Holding that pre-existing heart problems can’t be ruled out as a cause of death, San Antonio’s 4th Court of Appeals reversed a $7.75 million judgment in a case in which the plaintiffs alleged that taking the pain medication Vioxx caused a 71-year-old man’s death in 2001.
The May 14 decision in Merck & Co. Inc. v. Garza, et al. is the first reversal at the appellate level of a judgment favoring a plaintiff in a Vioxx case. According to a Merck news release, the judgment in Garza was one of five that favored plaintiffs since the company pulled Vioxx off the market in September 2004. Merck removed Vioxx from shelves after a study found that the drug doubled the risk of heart attacks and strokes among patients who took it 18 months or more.
In April 2006, a 229th District Court jury in Rio Grande City awarded Leonel Garza’s family $7 million in actual damages and $25 million in punitive damages after finding that marketing and design defects in Vioxx caused his death. The trial court reduced the punitive damages to the $750,000 limit set by Texas Civil Practice & Remedies Code §41.008(b)(1)(A). Merck appealed the judgment.
Among other things, Merck argued in its brief to the 4th Court that the plaintiffs’ general causation and specific causation evidence was legally and factually insufficient to support the judgment. General causation addresses whether a substance is capable of causing a particular injury or condition in the general population, and specific causation deals with whether a substance caused a particular individual’s injury.
In its brief, Merck argued that the Texas Supreme Court ruling in 1997′s Merrell Dow Pharmaceuticals Inc. v. Havner required plaintiffs to present at least two statistically significant studies showing that Vioxx at the same dose and duration as taken by Garza more than doubled the risk of heart of attack. None of the studies the plaintiffs presented met Havner’s requirement, Merck alleged. According to Merck’s brief, Garza took Vioxx between seven and 25 days before he died.
Merck further alleged in the brief that at the time of his death, Garza had received treatment for cardiovascular disease for more than 20 years. Opinion testimony by the plaintiffs’ expert witness did not rule out the progression of Garza’s severe cardiovascular disease as a plausible cause of his death, Merck contended.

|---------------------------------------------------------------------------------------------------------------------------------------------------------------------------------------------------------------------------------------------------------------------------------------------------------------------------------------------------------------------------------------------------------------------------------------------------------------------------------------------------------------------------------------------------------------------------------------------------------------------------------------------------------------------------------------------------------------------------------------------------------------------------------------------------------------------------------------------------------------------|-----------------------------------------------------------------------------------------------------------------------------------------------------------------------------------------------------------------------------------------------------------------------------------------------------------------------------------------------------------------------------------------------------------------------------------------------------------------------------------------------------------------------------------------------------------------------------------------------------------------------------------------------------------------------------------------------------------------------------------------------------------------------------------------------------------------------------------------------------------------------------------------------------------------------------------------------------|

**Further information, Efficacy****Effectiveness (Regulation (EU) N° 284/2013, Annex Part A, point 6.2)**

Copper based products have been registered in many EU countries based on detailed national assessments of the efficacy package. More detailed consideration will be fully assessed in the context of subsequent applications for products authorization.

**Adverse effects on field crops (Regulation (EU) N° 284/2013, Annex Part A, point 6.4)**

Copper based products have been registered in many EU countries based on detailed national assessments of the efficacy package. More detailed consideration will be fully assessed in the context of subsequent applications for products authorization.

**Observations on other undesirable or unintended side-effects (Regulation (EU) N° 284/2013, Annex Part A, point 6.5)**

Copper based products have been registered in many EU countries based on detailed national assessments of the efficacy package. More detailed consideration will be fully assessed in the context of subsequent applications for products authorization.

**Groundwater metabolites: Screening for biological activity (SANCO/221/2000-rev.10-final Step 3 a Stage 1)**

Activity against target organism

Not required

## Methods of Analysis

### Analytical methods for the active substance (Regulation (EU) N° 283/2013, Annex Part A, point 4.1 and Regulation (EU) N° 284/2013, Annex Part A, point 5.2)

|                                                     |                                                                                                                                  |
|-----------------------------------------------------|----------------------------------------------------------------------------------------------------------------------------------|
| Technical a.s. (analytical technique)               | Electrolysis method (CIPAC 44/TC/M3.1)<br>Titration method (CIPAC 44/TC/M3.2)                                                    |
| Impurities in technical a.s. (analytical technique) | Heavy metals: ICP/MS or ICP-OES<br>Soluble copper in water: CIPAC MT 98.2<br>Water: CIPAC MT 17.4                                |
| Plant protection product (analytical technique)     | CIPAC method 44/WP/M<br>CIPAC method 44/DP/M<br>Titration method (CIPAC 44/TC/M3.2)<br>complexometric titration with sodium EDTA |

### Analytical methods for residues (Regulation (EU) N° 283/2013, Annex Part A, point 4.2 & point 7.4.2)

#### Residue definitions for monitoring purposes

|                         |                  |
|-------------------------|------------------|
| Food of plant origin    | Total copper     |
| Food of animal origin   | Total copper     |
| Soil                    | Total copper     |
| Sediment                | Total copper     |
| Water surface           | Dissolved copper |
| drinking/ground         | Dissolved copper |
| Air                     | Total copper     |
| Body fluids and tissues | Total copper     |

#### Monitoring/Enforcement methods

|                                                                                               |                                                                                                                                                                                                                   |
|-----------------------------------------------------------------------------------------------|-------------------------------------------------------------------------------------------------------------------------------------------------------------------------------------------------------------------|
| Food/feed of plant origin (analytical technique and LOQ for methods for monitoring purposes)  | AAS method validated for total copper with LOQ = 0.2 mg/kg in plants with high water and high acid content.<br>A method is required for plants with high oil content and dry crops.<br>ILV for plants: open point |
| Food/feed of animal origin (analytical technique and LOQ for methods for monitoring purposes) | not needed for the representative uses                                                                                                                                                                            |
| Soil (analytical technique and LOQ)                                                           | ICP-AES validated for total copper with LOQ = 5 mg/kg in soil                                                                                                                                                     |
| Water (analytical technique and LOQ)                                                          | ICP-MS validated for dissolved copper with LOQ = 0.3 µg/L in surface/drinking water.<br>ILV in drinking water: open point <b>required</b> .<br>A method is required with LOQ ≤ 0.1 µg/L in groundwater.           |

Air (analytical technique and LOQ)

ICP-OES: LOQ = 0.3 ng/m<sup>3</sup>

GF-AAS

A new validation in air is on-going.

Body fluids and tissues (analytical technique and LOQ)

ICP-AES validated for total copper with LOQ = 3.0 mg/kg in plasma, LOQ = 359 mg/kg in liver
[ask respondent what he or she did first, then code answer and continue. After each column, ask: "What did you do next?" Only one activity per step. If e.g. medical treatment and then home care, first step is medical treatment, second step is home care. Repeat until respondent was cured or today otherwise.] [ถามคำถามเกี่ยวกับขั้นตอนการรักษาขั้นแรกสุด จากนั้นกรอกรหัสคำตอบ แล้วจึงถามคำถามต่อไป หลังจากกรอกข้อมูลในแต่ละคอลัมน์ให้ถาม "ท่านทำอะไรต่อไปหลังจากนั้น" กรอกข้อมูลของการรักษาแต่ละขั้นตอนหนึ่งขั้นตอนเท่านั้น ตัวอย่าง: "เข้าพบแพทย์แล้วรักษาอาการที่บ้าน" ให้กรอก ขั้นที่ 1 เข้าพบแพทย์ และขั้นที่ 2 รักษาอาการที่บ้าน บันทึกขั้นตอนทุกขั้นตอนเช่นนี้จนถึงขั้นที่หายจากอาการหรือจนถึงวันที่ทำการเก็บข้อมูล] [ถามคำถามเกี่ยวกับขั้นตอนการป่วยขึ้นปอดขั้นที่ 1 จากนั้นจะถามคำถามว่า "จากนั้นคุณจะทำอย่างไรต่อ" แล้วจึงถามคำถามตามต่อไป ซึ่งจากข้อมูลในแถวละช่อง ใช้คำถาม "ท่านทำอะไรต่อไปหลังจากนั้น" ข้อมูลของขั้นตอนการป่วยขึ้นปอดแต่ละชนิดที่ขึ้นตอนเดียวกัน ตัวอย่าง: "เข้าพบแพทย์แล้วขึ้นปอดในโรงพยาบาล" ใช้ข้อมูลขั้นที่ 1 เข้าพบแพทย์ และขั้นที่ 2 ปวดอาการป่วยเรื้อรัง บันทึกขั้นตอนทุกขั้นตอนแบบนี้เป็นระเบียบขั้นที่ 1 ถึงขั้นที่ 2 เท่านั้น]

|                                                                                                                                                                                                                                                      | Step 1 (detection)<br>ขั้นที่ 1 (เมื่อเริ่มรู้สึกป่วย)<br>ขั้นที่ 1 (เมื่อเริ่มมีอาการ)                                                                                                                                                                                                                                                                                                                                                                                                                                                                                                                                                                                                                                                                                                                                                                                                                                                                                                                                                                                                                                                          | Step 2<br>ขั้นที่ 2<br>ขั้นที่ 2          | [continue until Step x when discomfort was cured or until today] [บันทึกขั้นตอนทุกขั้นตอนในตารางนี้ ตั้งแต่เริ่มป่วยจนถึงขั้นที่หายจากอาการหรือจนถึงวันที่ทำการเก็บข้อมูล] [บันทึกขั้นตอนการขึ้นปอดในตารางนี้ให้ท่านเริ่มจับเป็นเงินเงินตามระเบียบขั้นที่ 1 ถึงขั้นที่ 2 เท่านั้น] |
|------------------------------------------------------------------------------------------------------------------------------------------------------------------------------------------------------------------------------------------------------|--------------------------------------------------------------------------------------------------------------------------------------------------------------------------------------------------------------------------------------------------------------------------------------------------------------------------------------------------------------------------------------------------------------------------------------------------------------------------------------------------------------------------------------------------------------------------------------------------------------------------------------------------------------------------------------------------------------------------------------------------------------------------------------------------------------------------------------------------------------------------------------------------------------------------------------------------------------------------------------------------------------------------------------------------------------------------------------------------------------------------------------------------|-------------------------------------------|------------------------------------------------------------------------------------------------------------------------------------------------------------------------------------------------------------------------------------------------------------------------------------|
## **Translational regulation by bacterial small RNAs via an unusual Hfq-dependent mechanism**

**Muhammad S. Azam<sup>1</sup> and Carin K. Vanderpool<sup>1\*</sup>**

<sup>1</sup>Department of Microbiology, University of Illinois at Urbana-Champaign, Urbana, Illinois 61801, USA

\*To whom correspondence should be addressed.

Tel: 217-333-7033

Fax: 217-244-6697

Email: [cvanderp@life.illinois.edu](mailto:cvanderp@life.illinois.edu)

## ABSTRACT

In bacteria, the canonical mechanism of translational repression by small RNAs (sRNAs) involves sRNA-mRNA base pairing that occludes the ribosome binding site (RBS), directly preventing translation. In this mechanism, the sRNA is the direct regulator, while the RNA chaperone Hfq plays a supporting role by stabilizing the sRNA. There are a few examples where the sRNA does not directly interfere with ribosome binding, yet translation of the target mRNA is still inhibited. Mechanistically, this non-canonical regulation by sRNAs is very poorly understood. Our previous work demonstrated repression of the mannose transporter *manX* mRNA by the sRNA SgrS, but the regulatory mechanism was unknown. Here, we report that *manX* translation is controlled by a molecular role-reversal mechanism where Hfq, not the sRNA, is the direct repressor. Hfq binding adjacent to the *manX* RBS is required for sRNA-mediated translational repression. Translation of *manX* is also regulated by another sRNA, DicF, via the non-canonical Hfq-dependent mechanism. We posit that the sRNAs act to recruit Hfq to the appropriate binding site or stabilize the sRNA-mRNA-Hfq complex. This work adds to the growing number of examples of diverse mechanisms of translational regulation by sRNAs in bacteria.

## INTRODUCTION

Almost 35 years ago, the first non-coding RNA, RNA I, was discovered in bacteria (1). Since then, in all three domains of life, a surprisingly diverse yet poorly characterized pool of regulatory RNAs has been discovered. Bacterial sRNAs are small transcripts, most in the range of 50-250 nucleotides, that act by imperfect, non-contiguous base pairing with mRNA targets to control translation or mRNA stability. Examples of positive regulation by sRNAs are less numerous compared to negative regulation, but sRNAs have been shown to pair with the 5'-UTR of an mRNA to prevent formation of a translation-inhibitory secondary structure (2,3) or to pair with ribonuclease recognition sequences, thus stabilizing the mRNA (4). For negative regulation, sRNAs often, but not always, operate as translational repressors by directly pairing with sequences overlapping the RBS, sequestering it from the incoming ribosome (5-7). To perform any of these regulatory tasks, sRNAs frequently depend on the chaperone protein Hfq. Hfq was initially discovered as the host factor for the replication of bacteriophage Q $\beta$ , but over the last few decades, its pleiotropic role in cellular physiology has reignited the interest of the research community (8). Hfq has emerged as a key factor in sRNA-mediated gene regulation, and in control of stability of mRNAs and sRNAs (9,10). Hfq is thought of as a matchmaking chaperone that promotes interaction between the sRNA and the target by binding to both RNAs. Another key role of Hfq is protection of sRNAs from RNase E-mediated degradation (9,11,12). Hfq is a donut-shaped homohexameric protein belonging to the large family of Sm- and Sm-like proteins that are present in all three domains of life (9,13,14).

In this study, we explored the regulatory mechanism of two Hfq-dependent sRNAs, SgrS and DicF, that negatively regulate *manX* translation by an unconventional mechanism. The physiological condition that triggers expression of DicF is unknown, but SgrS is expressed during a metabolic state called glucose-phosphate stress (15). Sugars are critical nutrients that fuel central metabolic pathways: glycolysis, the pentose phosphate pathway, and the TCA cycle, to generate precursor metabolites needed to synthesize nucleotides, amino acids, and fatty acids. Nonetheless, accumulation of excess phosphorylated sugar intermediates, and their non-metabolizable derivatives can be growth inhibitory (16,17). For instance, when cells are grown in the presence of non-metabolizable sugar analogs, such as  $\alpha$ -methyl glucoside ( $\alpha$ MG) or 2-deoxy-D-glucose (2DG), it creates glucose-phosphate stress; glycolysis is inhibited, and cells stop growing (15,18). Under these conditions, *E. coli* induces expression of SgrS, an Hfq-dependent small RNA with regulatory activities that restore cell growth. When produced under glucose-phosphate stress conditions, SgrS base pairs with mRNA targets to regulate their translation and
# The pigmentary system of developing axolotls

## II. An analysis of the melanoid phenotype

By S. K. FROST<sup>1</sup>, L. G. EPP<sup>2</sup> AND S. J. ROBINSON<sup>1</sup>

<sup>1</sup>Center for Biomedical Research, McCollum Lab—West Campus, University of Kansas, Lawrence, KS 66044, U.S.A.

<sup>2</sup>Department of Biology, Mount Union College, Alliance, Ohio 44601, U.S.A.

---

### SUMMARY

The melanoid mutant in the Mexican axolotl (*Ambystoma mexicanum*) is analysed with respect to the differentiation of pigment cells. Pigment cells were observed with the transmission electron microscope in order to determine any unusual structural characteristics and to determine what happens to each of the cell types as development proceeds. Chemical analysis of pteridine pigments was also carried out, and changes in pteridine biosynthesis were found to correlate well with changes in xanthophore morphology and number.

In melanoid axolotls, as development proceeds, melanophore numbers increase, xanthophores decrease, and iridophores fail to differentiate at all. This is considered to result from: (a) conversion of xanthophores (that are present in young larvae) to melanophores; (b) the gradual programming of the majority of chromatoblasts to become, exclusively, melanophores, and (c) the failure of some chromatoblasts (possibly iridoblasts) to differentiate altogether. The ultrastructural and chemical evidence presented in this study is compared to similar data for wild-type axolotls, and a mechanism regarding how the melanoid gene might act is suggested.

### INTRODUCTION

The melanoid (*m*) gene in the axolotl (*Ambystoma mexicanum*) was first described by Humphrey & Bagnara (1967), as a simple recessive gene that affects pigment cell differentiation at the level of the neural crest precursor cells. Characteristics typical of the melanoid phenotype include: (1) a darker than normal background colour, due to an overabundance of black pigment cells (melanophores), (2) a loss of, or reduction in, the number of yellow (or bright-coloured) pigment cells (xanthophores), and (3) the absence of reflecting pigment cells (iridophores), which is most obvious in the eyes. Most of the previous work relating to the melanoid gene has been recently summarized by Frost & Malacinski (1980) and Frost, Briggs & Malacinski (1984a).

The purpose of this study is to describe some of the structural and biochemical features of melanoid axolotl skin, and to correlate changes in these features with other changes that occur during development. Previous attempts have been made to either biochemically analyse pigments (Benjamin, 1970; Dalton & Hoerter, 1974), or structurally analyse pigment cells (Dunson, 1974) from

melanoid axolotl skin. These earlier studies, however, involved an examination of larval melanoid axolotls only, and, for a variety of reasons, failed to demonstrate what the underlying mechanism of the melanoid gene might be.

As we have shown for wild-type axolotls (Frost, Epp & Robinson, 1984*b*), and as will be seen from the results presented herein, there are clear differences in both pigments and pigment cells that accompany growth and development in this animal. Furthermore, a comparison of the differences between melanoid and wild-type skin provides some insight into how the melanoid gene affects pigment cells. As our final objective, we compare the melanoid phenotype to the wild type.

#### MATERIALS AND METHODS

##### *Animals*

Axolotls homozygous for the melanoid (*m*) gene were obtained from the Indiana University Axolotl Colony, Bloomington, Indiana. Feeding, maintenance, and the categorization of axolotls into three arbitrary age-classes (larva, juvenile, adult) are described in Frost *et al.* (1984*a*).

The Garza family argued in its brief to the 4th Court that Garza’s condition was stable when he began taking Vioxx. “Mr. Garza’s cardiac work-up at the time he began taking Vioxx revealed a person described by his cardiologist as having “stable cardiac status,’ ” according to the family’s brief.
The 4th Court decided Garza based on Merck’s specific-causation argument. “Even viewing all the evidence in the light most favorable to plaintiffs, we conclude the evidence is legally insufficient to support a finding that plaintiffs negated, with reasonable certainty, Mr. Garza’s preexisting heart condition as a plausible cause of his death,” Justice Sandee Bryan Marion wrote in the opinion joined by Justices Catherine Stone and Phylis Speedlin. [ See the court's opinion.]
David Hockema, lead attorney for Garza’s widow, says the 4th Court seems to be saying a plaintiff has to show that a defective product was the sole cause of a death. “The jury was told there can be more than one cause,” says Hockema, a partner in McAllen’s Hockema &Longoria.
“I guess the court of appeals is saying that it’s open season on elderly people who have health problems,” Hockema says.
Stephen G. Tipps, a partner in Houston’s Baker Botts and Merck’s lead appellate counsel in Garza, says the 4th Court’s ruling reaffirms Havner’s rule that plaintiffs in a pharmaceutical case must exclude other plausible causes of a death.
But Tipps says the Garza decision would have had “more far-reaching consequences” for Vioxx cases involving short-term usage of the drug if the 4th Court’s ruling had been based on general causation.
“Garza will not affect our cases Merck is appealing,” says W. Mark Lanier, founder of the Lanier Law Firm in Houston.
Lanier, who is not involved in Garza, won verdicts in three Vioxx suits — including the $253 million that an Angleton jury awarded in 2005′s Ernest v. Merck & Co., Inc., a verdict the trial court reduced to $26 million.
“In each of our cases, our experts proffered strong testimony that excluded other causes for the victims’ heart attacks,” Lanier says. “While we do not agree with the San Antonio court that the plaintiff bears the burden of disproving the defendant’s theories, we went that extra mile.”
As a result of the 4th Court’s decision, the Garza family will receive nothing.
In November 2007, Merck agreed to pay $4.85 billion to settle Vioxx claims. “This case was excluded from the settlement,” Tipps says.